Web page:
The International Seabed Authority (ISA) is a multilateral body responsible for regulating all mining-related activities in international waters beyond national jurisdiction. Given the institution’s mandate to safeguard the marine environment from the impacts of such activities, the ISA is developing several regulatory means to ensure the effective protection of ocean ecosystems. One critical tool is the requirement for mining contractors to prepare an environmental impact assessment (EIA) before any exploitation or even exploration for minerals commences.
A new report evaluates a selection of international and domestic EIA processes to identify institutional structures and legal requirements that might be best suited for EIAs for seabed mining projects. At the center of the paper—which aims to inform ISA practices and regulatory development—is a comparative analysis of 11 EIA systems; four operate in international settings while seven operate in regional or domestic settings. The paper’s conclusions are focused on seabed mining, but they could also have relevance to current United Nations negotiations to develop a new international agreement to protect biodiversity beyond national jurisdictions.
Although EIAs are widely accepted as an essential regulatory tool, both in international and domestic contexts, significant challenges remain in the implementation of EIA requirements. These include concerns over how thoroughly assessments are conducted, the extent and nature of public participation in the process and how the assessments influence decision-making. The most important hurdle, however, involves identifying what the EIA requirements should be for assorted industries and sectors, which often have varying impacts on the natural world and operate in different decision-making environments.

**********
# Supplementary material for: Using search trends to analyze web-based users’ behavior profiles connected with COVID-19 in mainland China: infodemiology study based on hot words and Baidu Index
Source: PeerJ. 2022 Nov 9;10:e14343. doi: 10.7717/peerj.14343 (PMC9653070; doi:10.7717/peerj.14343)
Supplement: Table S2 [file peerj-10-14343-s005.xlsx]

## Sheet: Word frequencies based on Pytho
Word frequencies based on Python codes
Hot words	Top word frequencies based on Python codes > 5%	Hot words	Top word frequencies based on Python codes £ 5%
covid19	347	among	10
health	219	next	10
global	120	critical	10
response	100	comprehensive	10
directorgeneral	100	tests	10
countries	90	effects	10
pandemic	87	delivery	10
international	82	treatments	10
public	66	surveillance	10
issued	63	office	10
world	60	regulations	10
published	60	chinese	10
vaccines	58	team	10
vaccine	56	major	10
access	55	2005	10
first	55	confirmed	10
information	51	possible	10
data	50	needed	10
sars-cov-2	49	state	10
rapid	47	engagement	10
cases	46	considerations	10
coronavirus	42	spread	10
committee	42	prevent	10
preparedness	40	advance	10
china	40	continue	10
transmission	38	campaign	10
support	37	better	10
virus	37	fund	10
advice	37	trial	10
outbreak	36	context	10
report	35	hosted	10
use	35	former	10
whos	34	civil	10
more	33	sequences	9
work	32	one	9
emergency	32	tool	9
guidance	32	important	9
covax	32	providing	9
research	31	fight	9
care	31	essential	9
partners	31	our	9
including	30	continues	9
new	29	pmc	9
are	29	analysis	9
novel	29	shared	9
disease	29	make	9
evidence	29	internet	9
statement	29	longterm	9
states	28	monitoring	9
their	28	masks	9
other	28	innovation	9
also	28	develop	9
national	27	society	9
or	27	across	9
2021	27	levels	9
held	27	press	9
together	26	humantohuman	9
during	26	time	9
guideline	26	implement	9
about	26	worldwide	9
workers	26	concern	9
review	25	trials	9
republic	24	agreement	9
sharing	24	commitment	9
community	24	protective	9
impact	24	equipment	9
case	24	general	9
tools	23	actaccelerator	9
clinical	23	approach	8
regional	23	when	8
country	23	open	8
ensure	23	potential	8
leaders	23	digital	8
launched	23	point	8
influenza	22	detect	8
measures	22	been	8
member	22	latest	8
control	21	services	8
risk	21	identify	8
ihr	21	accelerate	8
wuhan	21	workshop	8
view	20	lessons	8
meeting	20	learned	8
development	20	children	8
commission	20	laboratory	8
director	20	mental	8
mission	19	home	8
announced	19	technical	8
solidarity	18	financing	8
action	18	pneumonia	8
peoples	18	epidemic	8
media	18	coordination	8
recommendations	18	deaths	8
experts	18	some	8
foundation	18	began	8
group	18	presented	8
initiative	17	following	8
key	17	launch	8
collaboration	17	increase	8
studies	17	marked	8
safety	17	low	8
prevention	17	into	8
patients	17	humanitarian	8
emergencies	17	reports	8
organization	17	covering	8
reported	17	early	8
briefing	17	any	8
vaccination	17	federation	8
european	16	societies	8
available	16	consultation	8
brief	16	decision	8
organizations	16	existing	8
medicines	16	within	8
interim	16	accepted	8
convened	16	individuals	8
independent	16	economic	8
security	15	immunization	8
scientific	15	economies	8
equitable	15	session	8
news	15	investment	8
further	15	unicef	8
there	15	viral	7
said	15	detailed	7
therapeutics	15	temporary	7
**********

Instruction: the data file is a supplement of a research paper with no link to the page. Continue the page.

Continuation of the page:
Therefore, a central goal of creating new EIA requirements and processes should be developing practices that are well-suited to the industry and institutional environment in which they are to be implemented.
More information is available in the report, which was co-written by Neil Craik and Kristine Gu.
Craik is a professor at Ontario’s University of Waterloo. Craik has appointments to the Balsillie School of International Affairs and the School of Environment, Enterprise and Development as a teacher and researcher of international and Canadian environmental law.
Gu served as the assistant researcher for this report and is a law student at Alberta’s University of Calgary.
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